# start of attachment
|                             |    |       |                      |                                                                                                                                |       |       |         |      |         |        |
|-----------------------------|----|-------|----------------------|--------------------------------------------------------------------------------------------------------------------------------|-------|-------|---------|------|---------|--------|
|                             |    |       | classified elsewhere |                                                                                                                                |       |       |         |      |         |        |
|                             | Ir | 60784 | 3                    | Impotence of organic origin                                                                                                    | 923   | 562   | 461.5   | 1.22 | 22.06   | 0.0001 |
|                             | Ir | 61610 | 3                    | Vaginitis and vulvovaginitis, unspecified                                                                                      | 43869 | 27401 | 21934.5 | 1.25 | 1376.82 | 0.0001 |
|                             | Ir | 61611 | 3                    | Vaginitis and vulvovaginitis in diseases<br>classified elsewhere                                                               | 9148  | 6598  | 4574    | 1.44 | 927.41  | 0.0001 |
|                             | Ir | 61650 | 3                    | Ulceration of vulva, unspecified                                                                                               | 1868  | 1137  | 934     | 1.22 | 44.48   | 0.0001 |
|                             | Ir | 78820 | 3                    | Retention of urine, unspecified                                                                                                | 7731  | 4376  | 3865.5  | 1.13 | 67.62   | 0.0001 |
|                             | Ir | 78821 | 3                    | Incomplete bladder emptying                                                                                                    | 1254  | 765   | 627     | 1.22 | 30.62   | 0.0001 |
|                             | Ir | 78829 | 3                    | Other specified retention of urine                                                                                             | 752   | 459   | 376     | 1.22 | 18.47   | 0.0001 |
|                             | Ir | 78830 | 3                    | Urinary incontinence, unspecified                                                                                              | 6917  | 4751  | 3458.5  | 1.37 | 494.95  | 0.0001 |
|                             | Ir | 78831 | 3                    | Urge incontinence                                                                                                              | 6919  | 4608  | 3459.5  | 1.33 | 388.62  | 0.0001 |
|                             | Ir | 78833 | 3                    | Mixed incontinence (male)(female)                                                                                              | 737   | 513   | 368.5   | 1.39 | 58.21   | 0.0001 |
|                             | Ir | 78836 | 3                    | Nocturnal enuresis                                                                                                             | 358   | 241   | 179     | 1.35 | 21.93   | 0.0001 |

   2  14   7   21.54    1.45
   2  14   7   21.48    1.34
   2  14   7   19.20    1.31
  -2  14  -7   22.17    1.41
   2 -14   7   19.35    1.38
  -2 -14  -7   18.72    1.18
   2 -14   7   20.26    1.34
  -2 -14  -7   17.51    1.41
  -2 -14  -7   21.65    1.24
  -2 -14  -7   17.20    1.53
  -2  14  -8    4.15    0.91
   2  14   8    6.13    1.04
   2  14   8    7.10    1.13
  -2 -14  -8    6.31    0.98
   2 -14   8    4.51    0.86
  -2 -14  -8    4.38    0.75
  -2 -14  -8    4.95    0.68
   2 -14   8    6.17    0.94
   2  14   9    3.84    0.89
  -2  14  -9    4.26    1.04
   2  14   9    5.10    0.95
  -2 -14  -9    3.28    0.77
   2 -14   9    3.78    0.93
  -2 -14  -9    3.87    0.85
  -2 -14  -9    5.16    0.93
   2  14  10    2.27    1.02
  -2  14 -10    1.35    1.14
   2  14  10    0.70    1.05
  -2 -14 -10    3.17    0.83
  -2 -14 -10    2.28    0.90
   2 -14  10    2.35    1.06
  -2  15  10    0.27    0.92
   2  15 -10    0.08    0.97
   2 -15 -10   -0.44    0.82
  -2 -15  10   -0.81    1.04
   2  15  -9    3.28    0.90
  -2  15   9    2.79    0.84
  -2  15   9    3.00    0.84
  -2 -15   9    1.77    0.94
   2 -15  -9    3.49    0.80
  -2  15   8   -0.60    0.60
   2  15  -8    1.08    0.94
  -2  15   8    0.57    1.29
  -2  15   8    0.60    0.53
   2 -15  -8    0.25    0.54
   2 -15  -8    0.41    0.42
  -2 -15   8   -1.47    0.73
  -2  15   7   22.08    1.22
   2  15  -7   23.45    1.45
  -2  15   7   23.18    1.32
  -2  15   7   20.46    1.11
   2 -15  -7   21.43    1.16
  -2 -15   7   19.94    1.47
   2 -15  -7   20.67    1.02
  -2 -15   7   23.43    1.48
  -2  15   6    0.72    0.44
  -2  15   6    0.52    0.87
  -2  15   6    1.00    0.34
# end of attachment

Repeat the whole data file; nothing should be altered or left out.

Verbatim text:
|                             |    |       |                      |                                                                                                                                |       |       |         |      |         |        |
|-----------------------------|----|-------|----------------------|--------------------------------------------------------------------------------------------------------------------------------|-------|-------|---------|------|---------|--------|
|                             |    |       | classified elsewhere |                                                                                                                                |       |       |         |      |         |        |
|                             | Ir | 60784 | 3                    | Impotence of organic origin                                                                                                    | 923   | 562   | 461.5   | 1.22 | 22.06   | 0.0001 |
|                             | Ir | 61610 | 3                    | Vaginitis and vulvovaginitis, unspecified                                                                                      | 43869 | 27401 | 21934.5 | 1.25 | 1376.82 | 0.0001 |
|                             | Ir | 61611 | 3                    | Vaginitis and vulvovaginitis in diseases<br>classified elsewhere                                                               | 9148  | 6598  | 4574    | 1.44 | 927.41  | 0.0001 |
|                             | Ir | 61650 | 3                    | Ulceration of vulva, unspecified                                                                                               | 1868  | 1137  | 934     | 1.22 | 44.48   | 0.0001 |
|                             | Ir | 78820 | 3                    | Retention of urine, unspecified                                                                                                | 7731  | 4376  | 3865.5  | 1.13 | 67.62   | 0.0001 |
|                             | Ir | 78821 | 3                    | Incomplete bladder emptying                                                                                                    | 1254  | 765   | 627     | 1.22 | 30.62   | 0.0001 |
|                             | Ir | 78829 | 3                    | Other specified retention of urine                                                                                             | 752   | 459   | 376     | 1.22 | 18.47   | 0.0001 |
|                             | Ir | 78830 | 3                    | Urinary incontinence, unspecified                                                                                              | 6917  | 4751  | 3458.5  | 1.37 | 494.95  | 0.0001 |
|                             | Ir | 78831 | 3                    | Urge incontinence                                                                                                              | 6919  | 4608  | 3459.5  | 1.33 | 388.62  | 0.0001 |
|                             | Ir | 78833 | 3                    | Mixed incontinence (male)(female)                                                                                              | 737   | 513   | 368.5   | 1.39 | 58.21   | 0.0001 |
|                             | Ir | 78836 | 3                    | Nocturnal enuresis                                                                                                             | 358   | 241   | 179     | 1.35 | 21.93   | 0.0001 |

   2  14   7   21.54    1.45
   2  14   7   21.48    1.34
   2  14   7   19.20    1.31
  -2  14  -7   22.17    1.41
   2 -14   7   19.35    1.38
  -2 -14  -7   18.72    1.18
   2 -14   7   20.26    1.34
  -2 -14  -7   17.51    1.41
  -2 -14  -7   21.65    1.24
  -2 -14  -7   17.20    1.53
  -2  14  -8    4.15    0.91
   2  14   8    6.13    1.04
   2  14   8    7.10    1.13
  -2 -14  -8    6.31    0.98
   2 -14   8    4.51    0.86
  -2 -14  -8    4.38    0.75
  -2 -14  -8    4.95    0.68
   2 -14   8    6.17    0.94
   2  14   9    3.84    0.89
  -2  14  -9    4.26    1.04
   2  14   9    5.10    0.95
  -2 -14  -9    3.28    0.77
   2 -14   9    3.78    0.93
  -2 -14  -9    3.87    0.85
  -2 -14  -9    5.16    0.93
   2  14  10    2.27    1.02
  -2  14 -10    1.35    1.14
   2  14  10    0.70    1.05
  -2 -14 -10    3.17    0.83
  -2 -14 -10    2.28    0.90
   2 -14  10    2.35    1.06
  -2  15  10    0.27    0.92
   2  15 -10    0.08    0.97
   2 -15 -10   -0.44    0.82
  -2 -15  10   -0.81    1.04
   2  15  -9    3.28    0.90
  -2  15   9    2.79    0.84
  -2  15   9    3.00    0.84
  -2 -15   9    1.77    0.94
   2 -15  -9    3.49    0.80
  -2  15   8   -0.60    0.60
   2  15  -8    1.08    0.94
  -2  15   8    0.57    1.29
  -2  15   8    0.60    0.53
   2 -15  -8    0.25    0.54
   2 -15  -8    0.41    0.42
  -2 -15   8   -1.47    0.73
  -2  15   7   22.08    1.22
   2  15  -7   23.45    1.45
  -2  15   7   23.18    1.32
  -2  15   7   20.46    1.11
   2 -15  -7   21.43    1.16
  -2 -15   7   19.94    1.47
   2 -15  -7   20.67    1.02
  -2 -15   7   23.43    1.48
  -2  15   6    0.72    0.44
  -2  15   6    0.52    0.87
  -2  15   6    1.00    0.34